Idiopathic Thrombocytopenic Purpura

Arvinder Bir
1
, Wiam Bshara
2
, Marina George
1
,Marwan G Fakih
1
Departments of
1
Medicine and
2
Pathology, Roswell Park Cancer Institute. Buffalo NY, USA
ABSTRACT
Context
Pancreatic
adenocarcinoma
presenting as idiopathic thrombocytopenic
purpura has not been previously reported in
the literature.
Case report A newly diagnosed patient with
metastatic pancreatic adenocarcinoma
developed thrombocytopenic purpura prior to
initiation of chemotherapy. Generalized
petechiae were present and peripheral smear
revealed giant platelets. Drug induced and
other thrombotic platelet consuming disorders
were ruled out. Her platelets returned to
normal after being treated with steroids.
Conclusions ITP can be associated with
metastatic pancreatic adenocarcinoma and can
respond well to steroid treatment.
INTRODUCTION
Cancer of the pancreas is the fourth leading
cause of cancer-related death in the United
States, and is second only to colorectal cancer
as a cause of digestive cancer-related death.
Approximately 33,730 new cases are
anticipated in 2006, with 32,300 expected
deaths [1]. Tumors of the pancreatic body or
tail usually present with pain and weight loss,
while those in the head of the gland typically
present with steatorrhea, weight loss, and
jaundice. The recent onset of atypical diabetes
mellitus, a history of recent but unexplained
thrombophlebitis [2], or previous attacks of
pancreatitis are sometimes noted. Pancreatic
cancer manifesting with idiopathic
thrombocytopenic purpura (ITP) has not been
previously reported. We are presenting the
case of a patient who developed ITP before
the initiation of the chemotherapy.
CASE REPORT
A 63-year-old Caucasian female presented
with abdominal pain and fatigue. She was
noted to be anemic with hemoglobin of 9.1
g/dL (reference range: 12.5-15.5 g/dL) and a
platelet count of 312 x10
9
/L (reference range:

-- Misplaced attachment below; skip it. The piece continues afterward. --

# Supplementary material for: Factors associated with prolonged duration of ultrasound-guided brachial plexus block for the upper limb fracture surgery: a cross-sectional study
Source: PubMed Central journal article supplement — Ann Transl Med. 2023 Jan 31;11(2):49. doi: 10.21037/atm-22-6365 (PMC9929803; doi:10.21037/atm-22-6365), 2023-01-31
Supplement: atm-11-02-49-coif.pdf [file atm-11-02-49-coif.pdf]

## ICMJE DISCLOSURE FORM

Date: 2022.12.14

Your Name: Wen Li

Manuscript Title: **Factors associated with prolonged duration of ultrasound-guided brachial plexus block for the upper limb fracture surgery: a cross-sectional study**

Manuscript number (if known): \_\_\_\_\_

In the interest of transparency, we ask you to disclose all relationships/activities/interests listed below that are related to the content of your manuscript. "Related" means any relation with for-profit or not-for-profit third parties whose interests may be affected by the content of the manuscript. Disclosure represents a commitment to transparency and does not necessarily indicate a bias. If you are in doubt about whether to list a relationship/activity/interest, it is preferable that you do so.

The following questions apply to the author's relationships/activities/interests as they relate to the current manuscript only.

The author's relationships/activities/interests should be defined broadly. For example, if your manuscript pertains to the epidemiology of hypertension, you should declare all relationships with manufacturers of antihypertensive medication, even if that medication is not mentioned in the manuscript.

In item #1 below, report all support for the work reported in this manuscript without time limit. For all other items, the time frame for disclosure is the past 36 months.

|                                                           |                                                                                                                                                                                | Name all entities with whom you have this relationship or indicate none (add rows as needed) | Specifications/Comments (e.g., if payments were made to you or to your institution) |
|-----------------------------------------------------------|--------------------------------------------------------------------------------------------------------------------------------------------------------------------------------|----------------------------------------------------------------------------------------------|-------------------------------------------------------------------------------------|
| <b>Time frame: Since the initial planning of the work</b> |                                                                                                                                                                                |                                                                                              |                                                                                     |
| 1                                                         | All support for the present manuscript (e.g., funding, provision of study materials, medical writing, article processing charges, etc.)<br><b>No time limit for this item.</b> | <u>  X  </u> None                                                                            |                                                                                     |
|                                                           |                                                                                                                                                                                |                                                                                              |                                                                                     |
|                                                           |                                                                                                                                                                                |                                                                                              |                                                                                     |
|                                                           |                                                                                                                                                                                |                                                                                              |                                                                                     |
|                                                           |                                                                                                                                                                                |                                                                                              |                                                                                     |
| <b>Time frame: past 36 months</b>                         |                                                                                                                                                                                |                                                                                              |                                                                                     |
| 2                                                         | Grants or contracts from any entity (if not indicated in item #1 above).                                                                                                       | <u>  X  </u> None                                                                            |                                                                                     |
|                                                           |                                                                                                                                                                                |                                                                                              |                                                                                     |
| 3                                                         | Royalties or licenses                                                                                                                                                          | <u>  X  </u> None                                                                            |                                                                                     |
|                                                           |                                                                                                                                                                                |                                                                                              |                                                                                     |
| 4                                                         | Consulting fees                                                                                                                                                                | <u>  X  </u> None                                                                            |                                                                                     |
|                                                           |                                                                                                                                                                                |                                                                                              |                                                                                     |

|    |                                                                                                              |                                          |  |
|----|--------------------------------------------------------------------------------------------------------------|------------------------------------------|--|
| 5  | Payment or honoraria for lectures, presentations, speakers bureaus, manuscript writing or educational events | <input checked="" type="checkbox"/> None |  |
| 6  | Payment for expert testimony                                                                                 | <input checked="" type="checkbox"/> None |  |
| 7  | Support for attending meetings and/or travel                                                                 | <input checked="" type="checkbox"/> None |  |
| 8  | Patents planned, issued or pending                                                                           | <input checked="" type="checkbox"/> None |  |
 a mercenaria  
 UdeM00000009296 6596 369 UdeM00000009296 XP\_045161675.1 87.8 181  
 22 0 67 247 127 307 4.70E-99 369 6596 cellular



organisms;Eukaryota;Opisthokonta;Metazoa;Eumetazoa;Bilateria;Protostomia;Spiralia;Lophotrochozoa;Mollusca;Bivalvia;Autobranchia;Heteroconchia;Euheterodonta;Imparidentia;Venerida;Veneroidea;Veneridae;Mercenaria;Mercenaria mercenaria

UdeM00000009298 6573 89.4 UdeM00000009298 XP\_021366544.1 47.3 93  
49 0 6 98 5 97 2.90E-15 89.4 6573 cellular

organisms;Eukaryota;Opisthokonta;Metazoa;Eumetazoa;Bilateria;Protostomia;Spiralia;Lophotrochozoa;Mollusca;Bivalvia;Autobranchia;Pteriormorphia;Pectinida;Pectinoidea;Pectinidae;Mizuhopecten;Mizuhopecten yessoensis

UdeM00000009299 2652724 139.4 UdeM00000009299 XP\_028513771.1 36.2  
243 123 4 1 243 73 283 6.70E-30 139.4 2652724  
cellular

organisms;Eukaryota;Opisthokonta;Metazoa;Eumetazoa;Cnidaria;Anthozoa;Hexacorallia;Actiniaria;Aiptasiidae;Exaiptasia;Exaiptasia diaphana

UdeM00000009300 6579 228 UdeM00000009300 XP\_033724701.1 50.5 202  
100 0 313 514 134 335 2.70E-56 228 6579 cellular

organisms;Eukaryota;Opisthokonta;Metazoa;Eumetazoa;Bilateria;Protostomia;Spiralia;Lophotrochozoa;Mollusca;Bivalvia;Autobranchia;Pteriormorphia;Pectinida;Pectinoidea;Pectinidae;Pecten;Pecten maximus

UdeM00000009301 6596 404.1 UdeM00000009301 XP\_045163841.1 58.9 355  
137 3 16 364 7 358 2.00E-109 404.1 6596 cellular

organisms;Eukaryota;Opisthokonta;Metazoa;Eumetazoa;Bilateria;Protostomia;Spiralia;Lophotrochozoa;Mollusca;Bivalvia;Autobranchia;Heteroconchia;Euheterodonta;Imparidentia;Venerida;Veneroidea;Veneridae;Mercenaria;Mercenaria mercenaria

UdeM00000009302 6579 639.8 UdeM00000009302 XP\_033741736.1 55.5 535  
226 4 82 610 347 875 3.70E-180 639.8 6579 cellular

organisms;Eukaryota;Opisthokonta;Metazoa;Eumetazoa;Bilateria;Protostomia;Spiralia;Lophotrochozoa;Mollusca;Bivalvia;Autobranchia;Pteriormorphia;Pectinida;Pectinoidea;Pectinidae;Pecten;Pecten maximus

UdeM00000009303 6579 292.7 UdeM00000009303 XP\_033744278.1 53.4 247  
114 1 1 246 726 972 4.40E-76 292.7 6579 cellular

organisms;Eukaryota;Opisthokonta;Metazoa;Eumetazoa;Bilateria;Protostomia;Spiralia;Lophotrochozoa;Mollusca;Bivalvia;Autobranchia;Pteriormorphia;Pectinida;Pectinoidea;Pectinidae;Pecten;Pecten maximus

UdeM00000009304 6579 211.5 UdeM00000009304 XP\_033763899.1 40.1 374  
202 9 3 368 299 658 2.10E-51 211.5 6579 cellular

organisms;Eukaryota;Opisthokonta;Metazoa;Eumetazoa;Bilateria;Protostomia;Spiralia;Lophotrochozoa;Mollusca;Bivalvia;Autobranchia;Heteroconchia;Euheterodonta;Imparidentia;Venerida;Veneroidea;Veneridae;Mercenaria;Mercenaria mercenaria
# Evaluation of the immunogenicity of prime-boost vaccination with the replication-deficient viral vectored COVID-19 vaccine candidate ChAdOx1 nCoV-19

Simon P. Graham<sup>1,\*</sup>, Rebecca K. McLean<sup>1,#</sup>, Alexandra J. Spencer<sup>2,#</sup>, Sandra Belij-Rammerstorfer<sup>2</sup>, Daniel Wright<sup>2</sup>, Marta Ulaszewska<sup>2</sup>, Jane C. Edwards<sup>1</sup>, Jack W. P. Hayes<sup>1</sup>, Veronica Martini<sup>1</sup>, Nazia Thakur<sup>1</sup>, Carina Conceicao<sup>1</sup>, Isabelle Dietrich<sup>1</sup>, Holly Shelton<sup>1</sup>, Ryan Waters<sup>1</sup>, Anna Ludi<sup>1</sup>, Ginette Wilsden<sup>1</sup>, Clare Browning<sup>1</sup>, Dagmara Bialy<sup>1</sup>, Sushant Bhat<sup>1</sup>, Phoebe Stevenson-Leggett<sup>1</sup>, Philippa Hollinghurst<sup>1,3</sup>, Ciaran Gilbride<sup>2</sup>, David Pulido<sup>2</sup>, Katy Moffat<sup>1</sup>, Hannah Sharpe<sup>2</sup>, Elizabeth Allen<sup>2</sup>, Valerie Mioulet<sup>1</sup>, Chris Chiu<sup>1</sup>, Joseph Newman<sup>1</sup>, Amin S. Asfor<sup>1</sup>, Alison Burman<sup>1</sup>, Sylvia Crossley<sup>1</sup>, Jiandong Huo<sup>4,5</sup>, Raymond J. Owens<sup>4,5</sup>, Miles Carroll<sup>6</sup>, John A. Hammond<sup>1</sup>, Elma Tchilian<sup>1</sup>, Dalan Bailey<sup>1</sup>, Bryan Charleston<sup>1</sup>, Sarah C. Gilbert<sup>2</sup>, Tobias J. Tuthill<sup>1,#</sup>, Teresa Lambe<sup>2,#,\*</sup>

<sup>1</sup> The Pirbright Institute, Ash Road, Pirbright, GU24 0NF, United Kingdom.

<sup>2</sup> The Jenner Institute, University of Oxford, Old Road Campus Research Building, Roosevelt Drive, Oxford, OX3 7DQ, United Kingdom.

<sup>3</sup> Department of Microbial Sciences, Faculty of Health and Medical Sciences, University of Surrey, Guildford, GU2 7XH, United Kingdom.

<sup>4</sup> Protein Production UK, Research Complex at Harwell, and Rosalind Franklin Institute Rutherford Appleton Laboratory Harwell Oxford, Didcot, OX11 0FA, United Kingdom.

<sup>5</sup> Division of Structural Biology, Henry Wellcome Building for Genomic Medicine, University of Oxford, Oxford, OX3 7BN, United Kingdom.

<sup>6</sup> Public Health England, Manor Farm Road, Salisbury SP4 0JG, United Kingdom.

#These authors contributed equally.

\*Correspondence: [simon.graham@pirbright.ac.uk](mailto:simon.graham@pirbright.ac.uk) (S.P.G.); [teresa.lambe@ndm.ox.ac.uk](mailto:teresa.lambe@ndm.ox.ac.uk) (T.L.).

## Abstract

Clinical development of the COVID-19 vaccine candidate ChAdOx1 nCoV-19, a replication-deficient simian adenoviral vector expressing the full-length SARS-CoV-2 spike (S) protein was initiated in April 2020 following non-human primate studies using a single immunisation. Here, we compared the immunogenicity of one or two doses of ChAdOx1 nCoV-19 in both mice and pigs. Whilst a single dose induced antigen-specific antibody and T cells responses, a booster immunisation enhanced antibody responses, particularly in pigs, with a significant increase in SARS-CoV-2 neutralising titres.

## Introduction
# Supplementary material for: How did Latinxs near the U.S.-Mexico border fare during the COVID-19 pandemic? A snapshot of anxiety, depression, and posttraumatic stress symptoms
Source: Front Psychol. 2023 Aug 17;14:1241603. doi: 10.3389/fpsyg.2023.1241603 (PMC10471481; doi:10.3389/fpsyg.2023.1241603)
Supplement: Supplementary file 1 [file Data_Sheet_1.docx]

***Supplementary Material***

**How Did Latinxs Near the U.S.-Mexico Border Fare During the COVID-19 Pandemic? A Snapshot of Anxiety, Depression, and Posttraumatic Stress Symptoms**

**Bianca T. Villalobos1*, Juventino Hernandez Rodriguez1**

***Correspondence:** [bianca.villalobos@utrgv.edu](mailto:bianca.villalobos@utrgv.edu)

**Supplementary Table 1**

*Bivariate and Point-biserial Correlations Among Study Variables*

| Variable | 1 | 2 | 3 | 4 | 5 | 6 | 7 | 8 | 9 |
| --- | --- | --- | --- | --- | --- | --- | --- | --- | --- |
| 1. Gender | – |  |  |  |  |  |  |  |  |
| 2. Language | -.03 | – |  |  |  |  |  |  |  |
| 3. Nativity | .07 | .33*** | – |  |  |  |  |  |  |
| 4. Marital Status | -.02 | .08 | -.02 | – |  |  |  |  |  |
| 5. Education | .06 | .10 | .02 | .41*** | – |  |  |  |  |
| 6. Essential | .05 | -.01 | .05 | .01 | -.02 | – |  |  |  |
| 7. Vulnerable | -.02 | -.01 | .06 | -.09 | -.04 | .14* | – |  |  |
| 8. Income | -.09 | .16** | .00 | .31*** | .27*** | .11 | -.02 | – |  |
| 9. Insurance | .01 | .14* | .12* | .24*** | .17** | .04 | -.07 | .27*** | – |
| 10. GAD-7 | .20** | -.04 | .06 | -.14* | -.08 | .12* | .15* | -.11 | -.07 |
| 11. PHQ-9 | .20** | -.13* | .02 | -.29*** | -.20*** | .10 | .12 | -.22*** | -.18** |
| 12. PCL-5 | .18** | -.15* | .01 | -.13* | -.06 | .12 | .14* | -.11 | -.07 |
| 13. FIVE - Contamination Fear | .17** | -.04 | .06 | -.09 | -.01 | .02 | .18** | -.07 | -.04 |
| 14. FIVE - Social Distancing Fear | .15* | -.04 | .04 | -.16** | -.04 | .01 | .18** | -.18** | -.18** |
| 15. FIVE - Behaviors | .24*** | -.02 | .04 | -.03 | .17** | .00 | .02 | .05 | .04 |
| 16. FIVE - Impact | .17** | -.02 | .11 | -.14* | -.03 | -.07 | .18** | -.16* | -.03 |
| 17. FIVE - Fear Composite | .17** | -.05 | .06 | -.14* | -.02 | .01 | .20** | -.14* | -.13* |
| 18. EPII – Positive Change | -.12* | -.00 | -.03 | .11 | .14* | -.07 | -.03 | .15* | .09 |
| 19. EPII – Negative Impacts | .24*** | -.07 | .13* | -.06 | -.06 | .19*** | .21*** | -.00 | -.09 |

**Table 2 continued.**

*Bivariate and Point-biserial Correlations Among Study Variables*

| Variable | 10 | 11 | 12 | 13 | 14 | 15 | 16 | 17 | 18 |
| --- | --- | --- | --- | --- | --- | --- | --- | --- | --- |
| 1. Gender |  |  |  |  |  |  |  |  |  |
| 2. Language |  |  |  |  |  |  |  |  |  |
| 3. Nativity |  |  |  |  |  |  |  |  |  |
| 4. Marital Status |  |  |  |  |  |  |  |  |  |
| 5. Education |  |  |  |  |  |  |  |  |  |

150-450 x10
9
/L). Her upper and lower
gastrointestinal endoscopies were normal.
Computed tomography (CT) scan showed
multiple low density masses in liver and
spleen with largest in the liver measuring 5.7
cm. Biopsy of the largest liver metastasis
revealed adenocarcinoma but the primary
could not be confirmed. CA 19-9 was 24,737
U/mL (reference range: 0-35 U/mL), CA 125
was 864 U/mL (reference range: 0-30.2
U/mL) and CEA was 205.4 ng/mL (reference
range: 0-2.5 ng/mL). A Doppler of the left
lower extremity, performed in an outside
institute, was done to investigate lower
extremity edema and redness and revealed
superficial phlebitis.
The patient presented to our institute for a
second opinion. Her platelet count on the day
of her first visit was 299 x10
9
/L, hemoglobin

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JOP. Journal of the Pancreas - http://www.joplink.net - Vol. 7, No. 6 - November 2006. [ISSN 1590-8577]
648
of 9.1 g/dL and white blood cells of 12.9
x10
9
/L (reference range: 4-11 x10
9
/L). The
chemistry was unremarkable except for
alkaline phosphatase of 426 U/L (reference
range: 38-126 U/L), alanine aminotransferase
(ALT) of 90 U/L (reference range: 11-66
U/L) and aspartate aminotransferase (AST) of
85 U/L (reference range: 15-46 U/L). Her
medications included lansoprazole 15 mg per
os daily, ferrous gluconate 325 mg per os
daily, oxycodone 20 mg per os twice daily,
alprazolam 0.25 mg per os every 6 h as
needed, multivitamin per os daily, bisacodyl
suppository as needed. A repeat CT scan
(Figure 1) was performed which showed a
1.2x2.0 cm lesion in the tail of the pancreas
suspicious of a primary and confirmed
extensive metastatic disease to the liver. A
large infarct in the lower third of the spleen
and thrombosis of the bilateral gonadal vein
were also noted.
An ultrasound guided core biopsy of the liver
lesion was repeated one week after her
baseline visit; this showed atypical angulated
glands with desmoplasia consistent with
metastatic,
moderately
differentiated
adenocarcinoma
from
primary
pancreaticobiliary origin (Figure 2).
On the day of liver biopsy she was noted to
have bruises and multiple petechiae and on
further questioning she voiced that she had
been having black colored stools. The
complete blood count checked after the
procedure showed the platelet count of 2
x10
9
/L and hemoglobin of 7.6 g/dL.
There was no history of any new medications.
Disseminated intravascular coagulation
profile was normal: prothrombin time 14.8
sec (reference range: 11.7-15.0 sec); partial
thromboplastin time 24 sec (reference range:
23-35 sec); INR =1.3, D-dimer greater than 4
µg/fibrinogen equivalent units (reference
range: 0-0.5 µg/fibrinogen equivalent units),
fibrinogen 385 mg/dL (reference range: 200-
420 mg/dL).
Peripheral smear was consistent with ITP
with presence of megaplatelets and lack of
schistocytes (Figure 3). A diagnosis of ITP
was made based on clinical grounds. She was
started on prednisone at 1 mg/kg (80 mg)